However Good On You report that half of its final stage of production takes place in Spain, a country which holds a medium risk for labour abuse, and there is no evidence Bershka pays a living wage across its supply chain.

As for the COVID-19 pandemic, the group discloses policies in place to protect workers and suppliers in its supply chain from the impacts of Covid-19. In August 2020, it was reported that Inditex had pledged to maintain workers’ rights throughout their supply chains and the stability of payments to suppliers during the crisis.

The group had previously signed a joint agreement with global workers’ union IndustriALL, and during the pandemic they reiterated their commitment to ensuring health and safety standards were met and bargaining rights and workers’ rights to unionise were maintained throughout their supply chains. The group also committed to stable payment terms to allow suppliers to honour payments to their workers, ensuring they didn’t lose wages during the pandemic like certain fast fashion retailers’ employees did, such as those for Arcadia.

Read more about their supply chain here.

READ MORE: 7 apps that will help you curate a sustainable wardrobe

Bershka Animal Welfare Policy

Bershka continues to use leather and exotic animal hair in its products, while it sources wool from non-mulesed sheep. The store’s website states, ‘We do not use leather or products which come from animals who are sacrificed exclusively to sell their skin, shells, antlers, bones, feathers, down or any other materials.’

It does not use fur, angora, exotic animal skin or down, and it works with Fur Free Alliance and their Fur Free Retailer programme to avoid animal exploitation. Their cosmetics are not tested on animals.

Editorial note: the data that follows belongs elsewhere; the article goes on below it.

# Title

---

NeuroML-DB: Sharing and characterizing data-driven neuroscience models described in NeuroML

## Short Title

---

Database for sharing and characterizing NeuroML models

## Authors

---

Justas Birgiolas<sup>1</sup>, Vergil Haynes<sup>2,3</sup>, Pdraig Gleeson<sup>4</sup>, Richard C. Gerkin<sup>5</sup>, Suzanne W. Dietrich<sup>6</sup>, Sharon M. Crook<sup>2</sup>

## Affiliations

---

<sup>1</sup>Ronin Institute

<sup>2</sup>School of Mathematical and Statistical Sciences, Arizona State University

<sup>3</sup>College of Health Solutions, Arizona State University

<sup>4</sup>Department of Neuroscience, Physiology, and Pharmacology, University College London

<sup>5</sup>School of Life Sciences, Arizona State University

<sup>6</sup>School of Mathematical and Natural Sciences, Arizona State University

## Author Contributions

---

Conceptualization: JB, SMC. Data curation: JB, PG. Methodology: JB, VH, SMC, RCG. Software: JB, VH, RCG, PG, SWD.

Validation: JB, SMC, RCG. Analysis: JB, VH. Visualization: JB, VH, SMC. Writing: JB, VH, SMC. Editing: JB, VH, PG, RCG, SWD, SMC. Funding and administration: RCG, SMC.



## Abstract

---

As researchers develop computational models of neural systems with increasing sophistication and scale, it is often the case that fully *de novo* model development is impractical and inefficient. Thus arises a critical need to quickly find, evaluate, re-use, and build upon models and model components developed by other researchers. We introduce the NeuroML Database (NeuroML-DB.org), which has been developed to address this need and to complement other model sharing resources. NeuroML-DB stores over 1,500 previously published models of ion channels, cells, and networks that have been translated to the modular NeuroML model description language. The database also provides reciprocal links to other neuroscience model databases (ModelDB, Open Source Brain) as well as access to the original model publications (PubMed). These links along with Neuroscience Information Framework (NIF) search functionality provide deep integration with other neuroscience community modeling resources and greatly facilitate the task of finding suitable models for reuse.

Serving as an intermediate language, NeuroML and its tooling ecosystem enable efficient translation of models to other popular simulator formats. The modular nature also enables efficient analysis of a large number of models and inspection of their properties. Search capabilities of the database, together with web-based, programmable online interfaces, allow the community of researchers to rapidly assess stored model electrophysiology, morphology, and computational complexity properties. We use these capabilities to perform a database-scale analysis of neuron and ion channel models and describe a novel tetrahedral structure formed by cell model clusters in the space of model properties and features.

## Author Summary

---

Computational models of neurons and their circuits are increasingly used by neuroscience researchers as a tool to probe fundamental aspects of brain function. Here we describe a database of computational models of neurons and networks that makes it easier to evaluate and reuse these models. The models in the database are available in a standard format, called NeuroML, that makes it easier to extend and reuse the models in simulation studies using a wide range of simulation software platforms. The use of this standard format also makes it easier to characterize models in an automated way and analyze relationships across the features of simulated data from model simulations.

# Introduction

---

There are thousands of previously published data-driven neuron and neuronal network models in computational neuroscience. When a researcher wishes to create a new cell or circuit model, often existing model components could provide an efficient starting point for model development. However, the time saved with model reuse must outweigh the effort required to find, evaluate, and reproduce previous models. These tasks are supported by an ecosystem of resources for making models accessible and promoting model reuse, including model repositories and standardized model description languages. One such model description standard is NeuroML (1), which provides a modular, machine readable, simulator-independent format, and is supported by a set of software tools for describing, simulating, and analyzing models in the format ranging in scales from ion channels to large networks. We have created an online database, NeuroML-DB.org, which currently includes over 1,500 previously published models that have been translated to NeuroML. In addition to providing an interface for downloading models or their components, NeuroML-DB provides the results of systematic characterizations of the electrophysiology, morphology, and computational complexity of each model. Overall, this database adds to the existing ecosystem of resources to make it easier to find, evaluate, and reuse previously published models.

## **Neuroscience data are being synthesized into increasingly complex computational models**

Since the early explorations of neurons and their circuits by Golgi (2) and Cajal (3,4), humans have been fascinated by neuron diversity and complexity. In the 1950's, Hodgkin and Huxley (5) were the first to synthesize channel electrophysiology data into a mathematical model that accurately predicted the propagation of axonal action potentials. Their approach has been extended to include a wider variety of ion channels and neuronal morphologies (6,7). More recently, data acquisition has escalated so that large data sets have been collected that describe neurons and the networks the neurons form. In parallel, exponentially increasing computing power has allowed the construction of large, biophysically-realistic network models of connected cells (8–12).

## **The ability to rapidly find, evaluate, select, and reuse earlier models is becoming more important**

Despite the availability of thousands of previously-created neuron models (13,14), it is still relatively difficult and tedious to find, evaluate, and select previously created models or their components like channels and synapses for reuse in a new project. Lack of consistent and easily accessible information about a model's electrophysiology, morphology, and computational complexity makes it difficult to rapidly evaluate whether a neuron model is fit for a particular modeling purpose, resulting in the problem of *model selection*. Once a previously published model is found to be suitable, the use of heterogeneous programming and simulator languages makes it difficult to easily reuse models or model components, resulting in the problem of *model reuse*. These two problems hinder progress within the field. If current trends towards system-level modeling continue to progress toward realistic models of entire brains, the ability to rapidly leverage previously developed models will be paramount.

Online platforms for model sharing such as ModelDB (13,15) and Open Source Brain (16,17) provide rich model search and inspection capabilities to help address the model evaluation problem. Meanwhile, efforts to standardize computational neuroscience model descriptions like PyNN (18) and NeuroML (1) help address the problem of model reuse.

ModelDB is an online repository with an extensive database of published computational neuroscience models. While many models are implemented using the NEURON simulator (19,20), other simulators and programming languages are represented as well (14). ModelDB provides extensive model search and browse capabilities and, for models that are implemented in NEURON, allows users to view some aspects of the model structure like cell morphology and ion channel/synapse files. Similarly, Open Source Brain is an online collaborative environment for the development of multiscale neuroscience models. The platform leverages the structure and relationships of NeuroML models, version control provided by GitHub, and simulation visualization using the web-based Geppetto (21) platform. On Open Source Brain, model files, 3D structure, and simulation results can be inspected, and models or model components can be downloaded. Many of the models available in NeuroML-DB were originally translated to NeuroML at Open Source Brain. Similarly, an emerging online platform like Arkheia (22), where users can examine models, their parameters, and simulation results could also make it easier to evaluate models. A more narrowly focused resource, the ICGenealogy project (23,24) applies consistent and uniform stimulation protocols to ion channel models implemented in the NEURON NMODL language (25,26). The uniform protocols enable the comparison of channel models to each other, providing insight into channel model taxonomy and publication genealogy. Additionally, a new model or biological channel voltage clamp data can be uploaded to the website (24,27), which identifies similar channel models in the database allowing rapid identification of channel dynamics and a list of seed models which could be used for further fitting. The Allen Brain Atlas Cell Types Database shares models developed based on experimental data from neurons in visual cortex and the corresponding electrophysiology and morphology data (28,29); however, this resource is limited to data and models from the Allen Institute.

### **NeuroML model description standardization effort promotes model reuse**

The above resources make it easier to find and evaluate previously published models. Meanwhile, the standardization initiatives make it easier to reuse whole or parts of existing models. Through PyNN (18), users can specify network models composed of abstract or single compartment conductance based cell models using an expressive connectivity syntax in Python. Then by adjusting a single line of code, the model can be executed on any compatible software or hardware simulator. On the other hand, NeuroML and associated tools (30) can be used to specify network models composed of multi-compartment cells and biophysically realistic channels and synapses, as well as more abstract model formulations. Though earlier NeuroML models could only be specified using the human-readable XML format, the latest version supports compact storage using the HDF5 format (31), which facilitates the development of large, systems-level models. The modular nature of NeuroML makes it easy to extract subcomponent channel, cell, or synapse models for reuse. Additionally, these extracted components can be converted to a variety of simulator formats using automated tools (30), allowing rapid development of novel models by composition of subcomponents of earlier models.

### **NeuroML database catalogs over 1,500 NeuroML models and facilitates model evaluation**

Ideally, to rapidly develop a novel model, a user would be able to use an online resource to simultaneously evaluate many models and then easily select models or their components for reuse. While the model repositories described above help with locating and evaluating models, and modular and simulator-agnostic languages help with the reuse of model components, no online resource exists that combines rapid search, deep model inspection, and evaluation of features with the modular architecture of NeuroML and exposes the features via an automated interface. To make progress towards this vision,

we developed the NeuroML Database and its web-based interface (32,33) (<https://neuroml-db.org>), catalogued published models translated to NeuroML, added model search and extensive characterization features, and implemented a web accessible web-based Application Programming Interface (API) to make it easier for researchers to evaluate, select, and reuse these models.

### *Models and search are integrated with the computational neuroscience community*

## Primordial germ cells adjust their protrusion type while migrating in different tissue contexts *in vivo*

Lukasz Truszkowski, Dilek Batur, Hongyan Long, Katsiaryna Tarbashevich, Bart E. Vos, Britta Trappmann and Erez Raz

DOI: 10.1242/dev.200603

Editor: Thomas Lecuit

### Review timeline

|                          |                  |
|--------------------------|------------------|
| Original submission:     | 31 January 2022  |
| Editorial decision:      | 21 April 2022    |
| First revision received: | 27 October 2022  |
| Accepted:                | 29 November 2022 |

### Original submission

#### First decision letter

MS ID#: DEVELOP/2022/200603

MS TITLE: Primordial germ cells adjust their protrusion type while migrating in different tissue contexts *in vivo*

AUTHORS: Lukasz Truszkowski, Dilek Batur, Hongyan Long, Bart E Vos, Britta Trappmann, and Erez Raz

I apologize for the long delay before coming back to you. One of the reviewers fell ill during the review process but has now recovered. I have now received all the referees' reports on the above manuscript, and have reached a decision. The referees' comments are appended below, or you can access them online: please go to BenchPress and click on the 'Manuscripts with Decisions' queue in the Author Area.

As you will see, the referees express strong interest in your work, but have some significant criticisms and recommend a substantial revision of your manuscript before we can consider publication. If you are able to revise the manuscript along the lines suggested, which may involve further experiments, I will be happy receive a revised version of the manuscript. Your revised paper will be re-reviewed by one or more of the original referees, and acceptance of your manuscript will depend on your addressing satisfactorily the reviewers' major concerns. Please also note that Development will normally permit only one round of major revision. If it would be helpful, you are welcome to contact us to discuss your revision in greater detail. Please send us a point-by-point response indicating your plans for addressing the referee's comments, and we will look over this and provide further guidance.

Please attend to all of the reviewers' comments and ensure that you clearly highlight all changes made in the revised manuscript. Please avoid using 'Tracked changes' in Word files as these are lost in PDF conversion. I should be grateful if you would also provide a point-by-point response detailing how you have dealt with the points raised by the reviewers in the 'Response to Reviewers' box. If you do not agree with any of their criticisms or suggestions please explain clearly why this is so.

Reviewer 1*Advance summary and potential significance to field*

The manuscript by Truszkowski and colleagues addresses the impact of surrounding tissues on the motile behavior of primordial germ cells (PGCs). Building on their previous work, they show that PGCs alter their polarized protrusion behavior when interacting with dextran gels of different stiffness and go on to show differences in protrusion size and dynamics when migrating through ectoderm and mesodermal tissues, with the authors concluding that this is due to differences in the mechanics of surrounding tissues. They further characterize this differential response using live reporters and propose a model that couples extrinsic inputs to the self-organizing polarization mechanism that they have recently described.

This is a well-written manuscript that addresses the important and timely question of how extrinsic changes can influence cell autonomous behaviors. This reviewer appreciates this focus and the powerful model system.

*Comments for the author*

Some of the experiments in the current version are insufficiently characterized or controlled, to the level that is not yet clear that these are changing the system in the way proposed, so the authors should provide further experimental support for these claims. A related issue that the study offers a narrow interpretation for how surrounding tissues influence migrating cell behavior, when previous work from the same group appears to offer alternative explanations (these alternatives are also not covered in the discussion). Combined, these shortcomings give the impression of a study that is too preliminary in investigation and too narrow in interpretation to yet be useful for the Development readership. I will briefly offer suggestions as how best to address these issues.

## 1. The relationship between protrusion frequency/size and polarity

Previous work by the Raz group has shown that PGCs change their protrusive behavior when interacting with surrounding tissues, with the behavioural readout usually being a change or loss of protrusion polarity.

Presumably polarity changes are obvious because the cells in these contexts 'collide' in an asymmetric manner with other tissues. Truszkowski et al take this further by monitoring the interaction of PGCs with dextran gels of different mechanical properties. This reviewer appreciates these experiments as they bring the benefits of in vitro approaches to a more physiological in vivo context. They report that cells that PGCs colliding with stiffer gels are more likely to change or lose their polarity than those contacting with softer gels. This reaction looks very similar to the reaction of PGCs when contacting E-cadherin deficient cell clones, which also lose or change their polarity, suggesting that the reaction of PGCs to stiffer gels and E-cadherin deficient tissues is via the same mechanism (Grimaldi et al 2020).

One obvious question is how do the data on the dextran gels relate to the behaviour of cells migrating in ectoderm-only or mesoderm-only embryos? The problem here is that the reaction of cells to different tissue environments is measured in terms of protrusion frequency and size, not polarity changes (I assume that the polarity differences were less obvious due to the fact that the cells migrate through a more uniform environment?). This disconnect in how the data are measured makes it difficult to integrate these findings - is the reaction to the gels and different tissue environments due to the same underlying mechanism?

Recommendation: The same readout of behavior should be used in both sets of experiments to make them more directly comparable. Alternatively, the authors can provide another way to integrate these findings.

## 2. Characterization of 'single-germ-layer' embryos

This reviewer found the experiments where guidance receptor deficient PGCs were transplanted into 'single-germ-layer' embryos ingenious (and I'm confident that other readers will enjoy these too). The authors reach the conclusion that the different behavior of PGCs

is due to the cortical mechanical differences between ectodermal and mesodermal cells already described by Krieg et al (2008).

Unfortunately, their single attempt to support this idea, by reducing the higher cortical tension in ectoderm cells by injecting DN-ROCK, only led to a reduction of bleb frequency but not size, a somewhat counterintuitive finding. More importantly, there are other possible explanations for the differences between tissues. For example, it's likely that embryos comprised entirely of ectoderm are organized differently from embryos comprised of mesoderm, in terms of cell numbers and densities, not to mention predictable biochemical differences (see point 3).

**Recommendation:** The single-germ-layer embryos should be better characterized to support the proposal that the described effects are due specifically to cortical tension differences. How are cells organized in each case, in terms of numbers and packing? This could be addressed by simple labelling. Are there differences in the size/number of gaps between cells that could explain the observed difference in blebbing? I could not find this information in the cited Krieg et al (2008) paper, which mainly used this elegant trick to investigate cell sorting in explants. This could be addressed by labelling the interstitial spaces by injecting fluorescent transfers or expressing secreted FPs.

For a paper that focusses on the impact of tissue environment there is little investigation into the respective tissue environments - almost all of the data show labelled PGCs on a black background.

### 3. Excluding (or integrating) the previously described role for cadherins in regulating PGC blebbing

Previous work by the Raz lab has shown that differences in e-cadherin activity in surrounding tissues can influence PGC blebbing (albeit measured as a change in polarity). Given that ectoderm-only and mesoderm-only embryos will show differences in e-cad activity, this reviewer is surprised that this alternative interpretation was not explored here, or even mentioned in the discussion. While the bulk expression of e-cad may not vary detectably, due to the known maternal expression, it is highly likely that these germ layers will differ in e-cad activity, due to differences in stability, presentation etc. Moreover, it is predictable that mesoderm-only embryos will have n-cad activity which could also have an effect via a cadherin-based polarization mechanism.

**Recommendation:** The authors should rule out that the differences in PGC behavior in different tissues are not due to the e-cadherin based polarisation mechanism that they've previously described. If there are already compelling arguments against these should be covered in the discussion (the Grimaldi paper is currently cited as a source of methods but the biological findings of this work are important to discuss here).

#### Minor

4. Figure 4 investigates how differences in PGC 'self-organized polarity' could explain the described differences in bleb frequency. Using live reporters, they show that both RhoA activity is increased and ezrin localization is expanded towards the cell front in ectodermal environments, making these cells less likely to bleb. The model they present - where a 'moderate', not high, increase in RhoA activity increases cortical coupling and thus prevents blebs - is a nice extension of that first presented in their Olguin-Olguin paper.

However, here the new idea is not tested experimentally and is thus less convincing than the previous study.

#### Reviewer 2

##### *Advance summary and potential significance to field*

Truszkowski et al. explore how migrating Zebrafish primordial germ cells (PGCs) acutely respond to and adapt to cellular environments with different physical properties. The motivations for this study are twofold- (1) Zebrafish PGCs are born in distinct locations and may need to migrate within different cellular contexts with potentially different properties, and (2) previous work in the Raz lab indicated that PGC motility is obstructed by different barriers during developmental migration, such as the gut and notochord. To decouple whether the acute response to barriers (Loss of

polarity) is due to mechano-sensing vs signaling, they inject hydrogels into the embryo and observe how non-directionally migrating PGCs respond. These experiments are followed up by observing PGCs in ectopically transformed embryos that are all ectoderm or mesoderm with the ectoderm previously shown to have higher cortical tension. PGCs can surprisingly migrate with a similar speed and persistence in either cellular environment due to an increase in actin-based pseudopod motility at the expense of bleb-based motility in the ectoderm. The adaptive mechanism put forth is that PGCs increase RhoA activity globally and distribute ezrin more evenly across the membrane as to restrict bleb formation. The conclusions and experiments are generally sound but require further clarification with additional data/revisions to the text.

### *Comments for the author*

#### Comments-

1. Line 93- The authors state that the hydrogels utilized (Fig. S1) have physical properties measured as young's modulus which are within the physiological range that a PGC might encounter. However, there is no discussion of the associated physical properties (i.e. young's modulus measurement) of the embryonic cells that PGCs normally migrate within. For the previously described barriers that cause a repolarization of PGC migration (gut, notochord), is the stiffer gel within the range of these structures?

However Bershka provide no evidence it traces any animal products to the first stage of production.

Read their Animal Welfare Policy here.

Wear Next Opinion

Wear Next believes it’s important to highlight the negative and unjust practises taking place in the fashion industry. We believe ethics and sustainability are an important talking point to bring about change and we encourage you to contact fashion brands to demand this.

However we understand that sustainable fashion isn’t accessible for every body due to various factors, such as budget and the ability to find confidence-boosting clothes that fit. We will continue to offer you fashion inspiration and guidance to suit every body and budget, while also highlighting the unjust systems at play in the fashion industry.

We encourage our readers to shop mindfully and purposefully, ditching impulse purchases as a way to start shopping sustainably. If you want to learn more about fast fashion, we recommend books from this reading list.

Would you still shop at Bershka? Let us know in the comments below.

For fashion advice and general chit-chat, join our Facebook group What To Wear Next or follow us on Instagram.

READ MORE: Is sustainable fashion size inclusive? This plus size woman finds out

READ MORE: Esther Knight, Founder of Fanfare Label, talks sustainability, fast fashion and modern slavery

Wear Next may receive a small commission if you click a link from one of our articles onto a retail website and make a purchase.